Succession Planning: Know the Pitfalls


With as much as we hear these days about the importance of farm succession planning, you’d think that every Canadian farm would have a plan in place. The shocking truth is that the vast majority do not.

According to the 2016 Statistics Canada Agriculture Census, only 8.4 percent of Canadian farms have a written succession plan. BDO Canada notes only an estimated 25 percent of business owners in North America successfully pass on their businesses to the next generation. And this number is expected to decline even more in coming years.

The stakes are high. Not having a succession plan in place means, at the least, a lot of headaches for the stakeholders left to sort through the legal liquidation of the business after the owner’s exit. Worst case scenarios involve serious contention amongst family members and even being forced to sell to third party buyers, often without receiving full value for the assets and business.


“I can’t talk about this now…”

So why is succession planning so hard for Canadian farmers? There are two reasons, says Elaine Froese, a farm family transition coach who specializes in succession planning. The first is simply procrastination and conflict avoidance. “There are many emotional factors affecting planning,” she says. “Both young and older farmers can be very anxious about the uncertainty of their futures.”

“They don’t know who to talk to first or how to start difficult conversations with other farm team members.”

The idea of succession planning may also seem overwhelming, as it involves not only logistics such as business structures and tax considerations, but also emotions and potentially sensitive issues involving family relationships.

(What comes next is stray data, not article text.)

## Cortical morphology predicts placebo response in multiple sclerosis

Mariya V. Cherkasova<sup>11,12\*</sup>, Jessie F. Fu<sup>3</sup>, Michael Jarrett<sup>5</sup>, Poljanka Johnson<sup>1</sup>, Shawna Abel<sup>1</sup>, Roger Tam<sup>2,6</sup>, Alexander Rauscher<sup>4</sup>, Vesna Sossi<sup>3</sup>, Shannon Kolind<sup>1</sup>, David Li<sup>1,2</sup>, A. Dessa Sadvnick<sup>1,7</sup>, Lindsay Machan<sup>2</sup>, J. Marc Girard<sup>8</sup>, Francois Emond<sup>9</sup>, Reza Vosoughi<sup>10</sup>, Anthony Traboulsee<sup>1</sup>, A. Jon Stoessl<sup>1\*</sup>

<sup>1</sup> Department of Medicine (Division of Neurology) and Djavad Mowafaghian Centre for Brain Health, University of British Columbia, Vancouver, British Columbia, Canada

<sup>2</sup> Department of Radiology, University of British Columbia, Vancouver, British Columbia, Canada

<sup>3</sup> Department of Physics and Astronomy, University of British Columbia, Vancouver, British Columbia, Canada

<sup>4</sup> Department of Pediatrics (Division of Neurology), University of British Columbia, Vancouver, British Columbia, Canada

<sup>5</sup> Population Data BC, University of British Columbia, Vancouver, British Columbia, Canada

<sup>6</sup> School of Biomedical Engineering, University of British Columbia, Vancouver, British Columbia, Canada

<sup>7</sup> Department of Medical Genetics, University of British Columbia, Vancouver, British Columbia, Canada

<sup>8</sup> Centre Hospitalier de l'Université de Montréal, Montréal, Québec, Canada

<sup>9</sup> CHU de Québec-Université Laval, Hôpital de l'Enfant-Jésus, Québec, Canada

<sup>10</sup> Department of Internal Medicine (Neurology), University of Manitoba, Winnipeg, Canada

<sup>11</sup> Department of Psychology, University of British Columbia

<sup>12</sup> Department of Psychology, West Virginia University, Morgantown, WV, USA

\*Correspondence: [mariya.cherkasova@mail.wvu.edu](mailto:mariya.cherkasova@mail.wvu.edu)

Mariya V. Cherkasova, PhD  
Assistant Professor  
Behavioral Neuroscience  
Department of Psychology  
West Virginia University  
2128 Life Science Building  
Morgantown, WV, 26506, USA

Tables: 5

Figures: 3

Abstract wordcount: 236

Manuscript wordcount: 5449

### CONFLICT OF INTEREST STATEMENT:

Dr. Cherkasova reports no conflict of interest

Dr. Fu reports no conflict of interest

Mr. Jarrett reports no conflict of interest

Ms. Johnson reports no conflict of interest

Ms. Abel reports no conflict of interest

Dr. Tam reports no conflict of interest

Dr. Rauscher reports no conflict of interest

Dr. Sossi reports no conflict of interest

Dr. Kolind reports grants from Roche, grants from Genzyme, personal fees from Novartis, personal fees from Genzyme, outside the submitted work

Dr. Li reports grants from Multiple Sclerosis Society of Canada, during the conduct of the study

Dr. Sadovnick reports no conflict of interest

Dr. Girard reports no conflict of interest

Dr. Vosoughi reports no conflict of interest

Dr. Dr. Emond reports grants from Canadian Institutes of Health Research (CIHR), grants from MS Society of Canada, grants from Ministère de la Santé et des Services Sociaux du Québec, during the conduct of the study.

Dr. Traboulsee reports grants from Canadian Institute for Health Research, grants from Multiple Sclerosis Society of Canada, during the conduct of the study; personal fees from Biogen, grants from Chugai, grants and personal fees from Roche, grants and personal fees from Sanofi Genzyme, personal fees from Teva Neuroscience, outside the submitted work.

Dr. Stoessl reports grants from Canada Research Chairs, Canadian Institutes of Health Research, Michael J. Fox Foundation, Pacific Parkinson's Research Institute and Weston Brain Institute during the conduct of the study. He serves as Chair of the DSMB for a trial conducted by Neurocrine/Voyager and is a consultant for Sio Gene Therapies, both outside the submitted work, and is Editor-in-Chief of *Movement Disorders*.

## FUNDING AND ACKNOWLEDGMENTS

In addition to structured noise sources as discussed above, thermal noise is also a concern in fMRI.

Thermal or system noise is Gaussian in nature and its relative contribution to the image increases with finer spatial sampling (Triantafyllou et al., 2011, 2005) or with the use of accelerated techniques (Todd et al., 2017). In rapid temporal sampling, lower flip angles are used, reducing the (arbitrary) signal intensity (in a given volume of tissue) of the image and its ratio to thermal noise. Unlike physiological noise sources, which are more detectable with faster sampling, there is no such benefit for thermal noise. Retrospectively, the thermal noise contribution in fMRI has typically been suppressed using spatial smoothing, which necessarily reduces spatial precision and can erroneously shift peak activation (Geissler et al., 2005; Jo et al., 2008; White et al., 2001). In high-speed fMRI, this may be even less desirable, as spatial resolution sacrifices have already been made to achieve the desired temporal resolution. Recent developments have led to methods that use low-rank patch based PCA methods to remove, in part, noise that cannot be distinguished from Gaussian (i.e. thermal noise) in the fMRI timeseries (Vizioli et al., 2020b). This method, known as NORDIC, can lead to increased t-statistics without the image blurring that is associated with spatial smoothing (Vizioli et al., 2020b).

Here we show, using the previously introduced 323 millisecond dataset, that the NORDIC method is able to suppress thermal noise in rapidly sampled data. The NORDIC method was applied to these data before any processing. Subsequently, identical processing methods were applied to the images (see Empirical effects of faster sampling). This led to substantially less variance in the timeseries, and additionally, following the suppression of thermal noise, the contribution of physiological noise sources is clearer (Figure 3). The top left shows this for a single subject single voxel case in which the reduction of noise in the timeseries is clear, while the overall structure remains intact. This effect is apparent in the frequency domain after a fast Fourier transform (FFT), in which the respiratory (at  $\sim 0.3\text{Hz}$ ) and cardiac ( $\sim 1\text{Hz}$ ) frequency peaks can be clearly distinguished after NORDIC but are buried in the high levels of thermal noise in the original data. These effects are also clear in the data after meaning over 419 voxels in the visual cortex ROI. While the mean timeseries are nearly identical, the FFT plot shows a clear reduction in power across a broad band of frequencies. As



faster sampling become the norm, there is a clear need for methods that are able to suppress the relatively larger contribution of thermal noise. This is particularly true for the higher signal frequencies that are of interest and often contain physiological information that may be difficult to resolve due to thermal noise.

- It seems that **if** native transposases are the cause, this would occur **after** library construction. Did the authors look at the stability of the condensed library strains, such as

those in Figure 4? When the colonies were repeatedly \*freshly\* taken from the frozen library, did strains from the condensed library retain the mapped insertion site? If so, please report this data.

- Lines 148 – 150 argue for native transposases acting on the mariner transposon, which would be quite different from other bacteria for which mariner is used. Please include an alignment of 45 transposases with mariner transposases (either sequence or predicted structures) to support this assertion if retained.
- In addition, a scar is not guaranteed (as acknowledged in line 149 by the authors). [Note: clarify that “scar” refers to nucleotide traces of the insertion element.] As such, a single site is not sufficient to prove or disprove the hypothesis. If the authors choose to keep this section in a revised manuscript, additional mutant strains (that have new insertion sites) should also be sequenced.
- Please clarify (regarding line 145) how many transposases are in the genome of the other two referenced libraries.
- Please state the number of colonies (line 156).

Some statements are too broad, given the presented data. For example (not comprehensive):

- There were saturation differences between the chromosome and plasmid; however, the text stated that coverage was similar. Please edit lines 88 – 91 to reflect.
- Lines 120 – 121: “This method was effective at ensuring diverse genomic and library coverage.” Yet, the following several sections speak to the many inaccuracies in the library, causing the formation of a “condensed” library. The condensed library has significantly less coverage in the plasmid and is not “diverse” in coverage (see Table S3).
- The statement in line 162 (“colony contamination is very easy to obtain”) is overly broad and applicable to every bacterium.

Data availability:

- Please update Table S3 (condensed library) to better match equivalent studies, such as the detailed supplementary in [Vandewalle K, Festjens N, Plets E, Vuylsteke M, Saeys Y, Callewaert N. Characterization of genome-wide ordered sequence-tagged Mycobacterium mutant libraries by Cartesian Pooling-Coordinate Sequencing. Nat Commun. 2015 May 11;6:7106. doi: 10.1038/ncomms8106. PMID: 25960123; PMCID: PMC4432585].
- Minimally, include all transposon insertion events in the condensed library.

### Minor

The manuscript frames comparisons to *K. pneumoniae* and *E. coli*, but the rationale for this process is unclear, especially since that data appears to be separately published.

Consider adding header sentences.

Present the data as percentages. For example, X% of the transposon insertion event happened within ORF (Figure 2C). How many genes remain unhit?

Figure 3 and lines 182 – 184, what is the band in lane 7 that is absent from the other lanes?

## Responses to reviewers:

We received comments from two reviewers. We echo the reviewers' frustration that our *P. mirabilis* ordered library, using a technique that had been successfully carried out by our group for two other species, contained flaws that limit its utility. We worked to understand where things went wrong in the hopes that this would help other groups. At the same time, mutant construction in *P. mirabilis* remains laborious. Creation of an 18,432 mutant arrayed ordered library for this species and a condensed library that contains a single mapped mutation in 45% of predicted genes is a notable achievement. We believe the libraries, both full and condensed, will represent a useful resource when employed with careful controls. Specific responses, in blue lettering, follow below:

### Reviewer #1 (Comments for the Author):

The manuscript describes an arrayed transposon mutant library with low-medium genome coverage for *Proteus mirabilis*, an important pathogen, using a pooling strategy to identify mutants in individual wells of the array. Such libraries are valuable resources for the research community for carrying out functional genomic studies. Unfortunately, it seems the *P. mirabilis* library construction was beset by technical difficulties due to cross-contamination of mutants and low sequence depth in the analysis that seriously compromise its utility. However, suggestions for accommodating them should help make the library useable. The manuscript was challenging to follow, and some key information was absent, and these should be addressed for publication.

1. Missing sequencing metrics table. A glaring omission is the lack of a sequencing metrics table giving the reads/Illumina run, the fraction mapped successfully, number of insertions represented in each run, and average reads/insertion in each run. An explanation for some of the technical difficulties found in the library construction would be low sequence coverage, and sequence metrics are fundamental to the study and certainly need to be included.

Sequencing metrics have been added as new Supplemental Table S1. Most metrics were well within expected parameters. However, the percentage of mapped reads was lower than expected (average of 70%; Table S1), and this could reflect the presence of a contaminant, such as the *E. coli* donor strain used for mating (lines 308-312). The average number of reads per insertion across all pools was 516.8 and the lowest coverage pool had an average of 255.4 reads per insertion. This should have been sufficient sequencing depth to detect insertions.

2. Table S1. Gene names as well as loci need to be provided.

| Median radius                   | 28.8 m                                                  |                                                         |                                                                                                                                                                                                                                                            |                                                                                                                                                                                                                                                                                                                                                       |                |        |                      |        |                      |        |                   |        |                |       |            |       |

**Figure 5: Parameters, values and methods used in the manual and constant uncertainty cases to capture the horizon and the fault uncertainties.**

“We don’t need any paperwork…”

The second reason is that many farms may have informal agreements and plans but nothing official.  “The farm may have a succession/transition plan that is unfolding over time, but it is not written in a multi-page report,” says Froese. These plans may be in the form of digital notes, kept by coaches or accountants, but they are not finalized or signed.

The good news however is that it’s easy to get started on a succession plan, even if you haven’t had any discussions around it before. The first thing you need to do? Simply start the conversation. Here are three important steps to facilitate this.


Involve everyone

Bring together all the farm stakeholders and potential stakeholders. It’s a good idea to designate a chair for the meeting or hire a coach/facilitator to ensure that everything important gets discussed and that everyone gets a turn to talk.

The critical part of the meeting is having an open and honest discussion around everyone’s goals, expectations and limitations when it comes to the family farm, Froese says.

“Start exploring these three questions: What does each family need for an income stream? Where is everyone planning on living as the next generation gains more management and ownership, and how are we going to be fair to all of the children by helping them be successful?”


Be realistic

It’s critical that everyone involved be realistic and honest with the initial planning process. Many farmers think that the more family involved, the more potential there is to split assets. But this can be problematic. It’s important to be really clear and realistic about who wants to be involved in the family farm business and who doesn’t. It’s also important for people to be honest about what they want, Froese says.

“Dads need to figure out what they truly want for themselves, and the founder moms too. Next, find out if you are aligned with what your spouse wants for their future. The spouses need a united vision or else things stop.” She also recommends asking the next generation to create a one page business plan and vision for the farm.


Start making things official

Once you have had the initial conversation you can get to work on drafting a plan, Froese says. “Once you get clear on expectations of each age group, get some timelines on paper, and appoint a family member to be a driver of the transition process to keep making meetings happen.”

But keep in mind that this should be an ongoing, open conversation, she says. “It’s a journey and it’s not a quick process, but it can be done in a short time frame if communication is robust, honest and trustworthy.”


Elaine Froese is a CSP, CAFA and certified coach based in Boissevain, MB. She is also the author of four books dedicated to helping farming families. Learn more at